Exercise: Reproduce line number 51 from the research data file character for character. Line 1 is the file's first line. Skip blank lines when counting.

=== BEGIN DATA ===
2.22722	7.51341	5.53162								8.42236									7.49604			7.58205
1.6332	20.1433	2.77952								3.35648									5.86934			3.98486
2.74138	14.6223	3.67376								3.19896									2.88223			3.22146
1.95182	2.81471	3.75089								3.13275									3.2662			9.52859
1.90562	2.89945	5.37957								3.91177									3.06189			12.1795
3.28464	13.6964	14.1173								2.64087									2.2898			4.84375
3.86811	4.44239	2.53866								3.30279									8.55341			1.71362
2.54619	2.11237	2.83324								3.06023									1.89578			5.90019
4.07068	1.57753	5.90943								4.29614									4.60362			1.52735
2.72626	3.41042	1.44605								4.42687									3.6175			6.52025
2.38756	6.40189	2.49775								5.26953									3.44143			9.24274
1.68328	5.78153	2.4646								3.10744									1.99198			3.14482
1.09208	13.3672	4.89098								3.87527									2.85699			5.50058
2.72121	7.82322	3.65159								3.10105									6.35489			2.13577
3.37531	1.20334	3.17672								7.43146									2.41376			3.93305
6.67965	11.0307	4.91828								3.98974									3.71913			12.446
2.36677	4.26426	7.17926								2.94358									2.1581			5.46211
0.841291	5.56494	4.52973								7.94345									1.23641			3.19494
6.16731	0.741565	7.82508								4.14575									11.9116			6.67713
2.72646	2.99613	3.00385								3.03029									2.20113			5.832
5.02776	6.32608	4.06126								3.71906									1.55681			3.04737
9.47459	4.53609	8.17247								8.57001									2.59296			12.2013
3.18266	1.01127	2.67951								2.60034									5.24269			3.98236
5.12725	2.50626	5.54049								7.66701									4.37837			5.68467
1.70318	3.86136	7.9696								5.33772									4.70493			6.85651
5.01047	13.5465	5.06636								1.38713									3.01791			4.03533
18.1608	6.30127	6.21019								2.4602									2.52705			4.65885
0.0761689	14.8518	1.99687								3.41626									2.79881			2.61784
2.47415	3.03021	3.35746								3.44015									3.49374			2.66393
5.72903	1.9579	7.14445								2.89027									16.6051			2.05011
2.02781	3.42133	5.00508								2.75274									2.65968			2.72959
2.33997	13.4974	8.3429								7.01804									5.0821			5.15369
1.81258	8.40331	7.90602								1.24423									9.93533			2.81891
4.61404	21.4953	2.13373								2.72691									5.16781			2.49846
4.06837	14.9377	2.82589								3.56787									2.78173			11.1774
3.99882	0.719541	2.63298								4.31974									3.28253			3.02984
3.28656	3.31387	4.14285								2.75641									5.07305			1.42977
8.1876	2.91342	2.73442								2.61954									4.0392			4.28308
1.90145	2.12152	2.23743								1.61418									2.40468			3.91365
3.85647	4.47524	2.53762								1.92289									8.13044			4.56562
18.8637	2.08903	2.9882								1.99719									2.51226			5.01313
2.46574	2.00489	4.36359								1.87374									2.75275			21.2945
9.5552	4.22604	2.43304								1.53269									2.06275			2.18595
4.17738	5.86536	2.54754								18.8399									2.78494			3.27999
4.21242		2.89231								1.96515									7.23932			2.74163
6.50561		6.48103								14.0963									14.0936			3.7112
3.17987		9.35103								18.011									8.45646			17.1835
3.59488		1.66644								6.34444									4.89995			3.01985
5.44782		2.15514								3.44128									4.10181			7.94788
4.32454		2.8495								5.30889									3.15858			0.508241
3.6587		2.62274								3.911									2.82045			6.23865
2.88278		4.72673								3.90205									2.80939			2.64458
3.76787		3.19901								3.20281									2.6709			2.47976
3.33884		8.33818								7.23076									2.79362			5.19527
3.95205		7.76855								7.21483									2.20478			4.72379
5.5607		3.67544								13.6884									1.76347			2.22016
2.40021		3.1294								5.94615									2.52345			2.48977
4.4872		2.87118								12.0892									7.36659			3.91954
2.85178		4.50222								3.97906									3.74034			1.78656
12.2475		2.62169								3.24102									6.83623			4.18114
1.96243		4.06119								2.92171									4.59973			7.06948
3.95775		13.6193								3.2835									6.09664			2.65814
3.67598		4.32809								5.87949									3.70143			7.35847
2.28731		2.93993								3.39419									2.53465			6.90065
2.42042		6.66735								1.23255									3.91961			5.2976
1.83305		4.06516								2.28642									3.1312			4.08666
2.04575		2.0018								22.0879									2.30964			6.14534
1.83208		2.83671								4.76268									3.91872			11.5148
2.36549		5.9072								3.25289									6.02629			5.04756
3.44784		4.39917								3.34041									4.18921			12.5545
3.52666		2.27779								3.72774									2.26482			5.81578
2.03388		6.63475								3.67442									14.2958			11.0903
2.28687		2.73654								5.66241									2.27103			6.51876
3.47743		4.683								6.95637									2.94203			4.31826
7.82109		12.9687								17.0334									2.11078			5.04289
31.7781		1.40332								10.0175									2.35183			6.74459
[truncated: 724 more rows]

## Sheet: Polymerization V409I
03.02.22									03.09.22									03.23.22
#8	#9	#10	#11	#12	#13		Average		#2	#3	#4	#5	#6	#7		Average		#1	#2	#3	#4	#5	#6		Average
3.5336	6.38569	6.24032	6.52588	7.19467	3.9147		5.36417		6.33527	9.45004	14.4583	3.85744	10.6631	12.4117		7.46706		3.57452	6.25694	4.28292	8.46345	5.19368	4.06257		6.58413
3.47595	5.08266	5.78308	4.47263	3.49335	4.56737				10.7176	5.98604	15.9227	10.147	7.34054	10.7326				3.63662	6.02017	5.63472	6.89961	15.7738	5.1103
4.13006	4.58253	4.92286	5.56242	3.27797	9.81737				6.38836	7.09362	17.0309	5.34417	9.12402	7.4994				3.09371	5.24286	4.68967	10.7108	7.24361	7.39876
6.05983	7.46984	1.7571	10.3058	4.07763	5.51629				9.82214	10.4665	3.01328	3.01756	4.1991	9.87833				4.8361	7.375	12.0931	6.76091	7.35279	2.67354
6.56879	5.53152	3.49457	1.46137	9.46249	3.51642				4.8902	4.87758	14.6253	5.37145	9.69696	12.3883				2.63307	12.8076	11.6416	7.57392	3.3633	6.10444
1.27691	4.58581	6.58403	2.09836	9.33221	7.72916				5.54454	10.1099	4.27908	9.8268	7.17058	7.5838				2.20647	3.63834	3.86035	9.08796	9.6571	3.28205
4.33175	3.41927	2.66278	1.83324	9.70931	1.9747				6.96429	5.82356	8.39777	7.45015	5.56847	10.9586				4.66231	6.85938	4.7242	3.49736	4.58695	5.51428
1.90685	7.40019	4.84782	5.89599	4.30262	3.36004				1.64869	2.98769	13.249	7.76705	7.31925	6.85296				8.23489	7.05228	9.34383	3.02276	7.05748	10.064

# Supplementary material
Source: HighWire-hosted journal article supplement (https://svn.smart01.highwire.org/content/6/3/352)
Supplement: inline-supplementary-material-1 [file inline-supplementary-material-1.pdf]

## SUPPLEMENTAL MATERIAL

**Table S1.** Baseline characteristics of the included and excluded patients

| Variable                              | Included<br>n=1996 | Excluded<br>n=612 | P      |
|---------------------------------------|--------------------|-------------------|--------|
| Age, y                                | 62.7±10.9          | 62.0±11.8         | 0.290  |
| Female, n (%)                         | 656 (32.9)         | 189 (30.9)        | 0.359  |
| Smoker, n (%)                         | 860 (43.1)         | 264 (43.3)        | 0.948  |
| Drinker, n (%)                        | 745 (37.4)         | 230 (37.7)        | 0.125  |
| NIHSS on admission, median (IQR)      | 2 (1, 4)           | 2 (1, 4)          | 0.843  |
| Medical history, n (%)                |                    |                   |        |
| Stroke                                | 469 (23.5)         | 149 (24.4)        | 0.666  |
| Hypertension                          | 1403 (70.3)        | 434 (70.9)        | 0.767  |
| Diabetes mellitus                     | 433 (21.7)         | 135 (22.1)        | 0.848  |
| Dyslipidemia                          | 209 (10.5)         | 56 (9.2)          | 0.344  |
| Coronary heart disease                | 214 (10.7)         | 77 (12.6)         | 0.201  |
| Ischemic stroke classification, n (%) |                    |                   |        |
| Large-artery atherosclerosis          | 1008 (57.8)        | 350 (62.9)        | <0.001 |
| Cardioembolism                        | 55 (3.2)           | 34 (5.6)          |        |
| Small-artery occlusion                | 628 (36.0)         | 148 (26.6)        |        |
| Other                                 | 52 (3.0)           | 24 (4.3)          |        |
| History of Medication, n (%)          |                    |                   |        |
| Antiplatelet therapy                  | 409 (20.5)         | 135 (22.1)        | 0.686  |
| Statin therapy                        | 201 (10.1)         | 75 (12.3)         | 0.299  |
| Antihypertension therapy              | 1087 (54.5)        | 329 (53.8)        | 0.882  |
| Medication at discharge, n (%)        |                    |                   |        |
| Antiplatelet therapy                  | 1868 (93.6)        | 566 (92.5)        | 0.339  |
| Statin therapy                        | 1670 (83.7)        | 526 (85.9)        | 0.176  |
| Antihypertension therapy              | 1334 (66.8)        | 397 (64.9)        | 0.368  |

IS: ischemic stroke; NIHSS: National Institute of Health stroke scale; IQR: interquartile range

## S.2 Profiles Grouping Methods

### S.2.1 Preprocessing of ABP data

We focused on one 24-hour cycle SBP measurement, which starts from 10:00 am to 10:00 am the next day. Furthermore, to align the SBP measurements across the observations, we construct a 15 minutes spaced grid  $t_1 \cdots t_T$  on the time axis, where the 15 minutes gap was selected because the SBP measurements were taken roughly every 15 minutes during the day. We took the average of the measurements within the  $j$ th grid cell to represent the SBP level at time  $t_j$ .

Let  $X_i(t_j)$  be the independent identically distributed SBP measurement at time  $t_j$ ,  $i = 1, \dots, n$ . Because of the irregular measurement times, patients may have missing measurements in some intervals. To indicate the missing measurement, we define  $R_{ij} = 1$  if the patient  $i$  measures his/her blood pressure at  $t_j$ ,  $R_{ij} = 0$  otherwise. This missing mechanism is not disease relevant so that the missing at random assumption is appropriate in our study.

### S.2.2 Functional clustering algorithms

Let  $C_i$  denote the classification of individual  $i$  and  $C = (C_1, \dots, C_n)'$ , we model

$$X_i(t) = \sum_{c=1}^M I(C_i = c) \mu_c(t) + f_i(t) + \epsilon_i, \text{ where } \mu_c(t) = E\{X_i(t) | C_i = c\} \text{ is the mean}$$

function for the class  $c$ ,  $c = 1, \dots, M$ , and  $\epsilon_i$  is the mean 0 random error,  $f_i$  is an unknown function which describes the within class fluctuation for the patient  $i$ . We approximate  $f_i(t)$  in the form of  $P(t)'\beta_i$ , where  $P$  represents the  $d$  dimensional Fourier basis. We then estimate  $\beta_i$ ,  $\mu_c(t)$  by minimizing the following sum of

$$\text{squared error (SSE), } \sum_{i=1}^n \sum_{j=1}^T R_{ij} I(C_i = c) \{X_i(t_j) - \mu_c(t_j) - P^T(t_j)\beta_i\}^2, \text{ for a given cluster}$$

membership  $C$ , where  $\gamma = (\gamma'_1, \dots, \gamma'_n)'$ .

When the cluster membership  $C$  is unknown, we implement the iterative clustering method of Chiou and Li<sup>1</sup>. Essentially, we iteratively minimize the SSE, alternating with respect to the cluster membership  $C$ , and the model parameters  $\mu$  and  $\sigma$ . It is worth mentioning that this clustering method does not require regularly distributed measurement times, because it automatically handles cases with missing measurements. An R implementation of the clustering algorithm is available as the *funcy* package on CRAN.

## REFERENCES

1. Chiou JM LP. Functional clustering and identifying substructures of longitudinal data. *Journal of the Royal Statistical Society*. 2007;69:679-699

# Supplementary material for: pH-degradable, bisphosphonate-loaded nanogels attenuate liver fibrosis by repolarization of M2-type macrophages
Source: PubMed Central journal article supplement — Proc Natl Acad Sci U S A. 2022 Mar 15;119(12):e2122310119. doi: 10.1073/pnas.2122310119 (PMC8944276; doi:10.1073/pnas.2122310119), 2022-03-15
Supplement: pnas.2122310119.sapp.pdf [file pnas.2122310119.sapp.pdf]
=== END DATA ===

3.6587		2.62274								3.911									2.82045			6.23865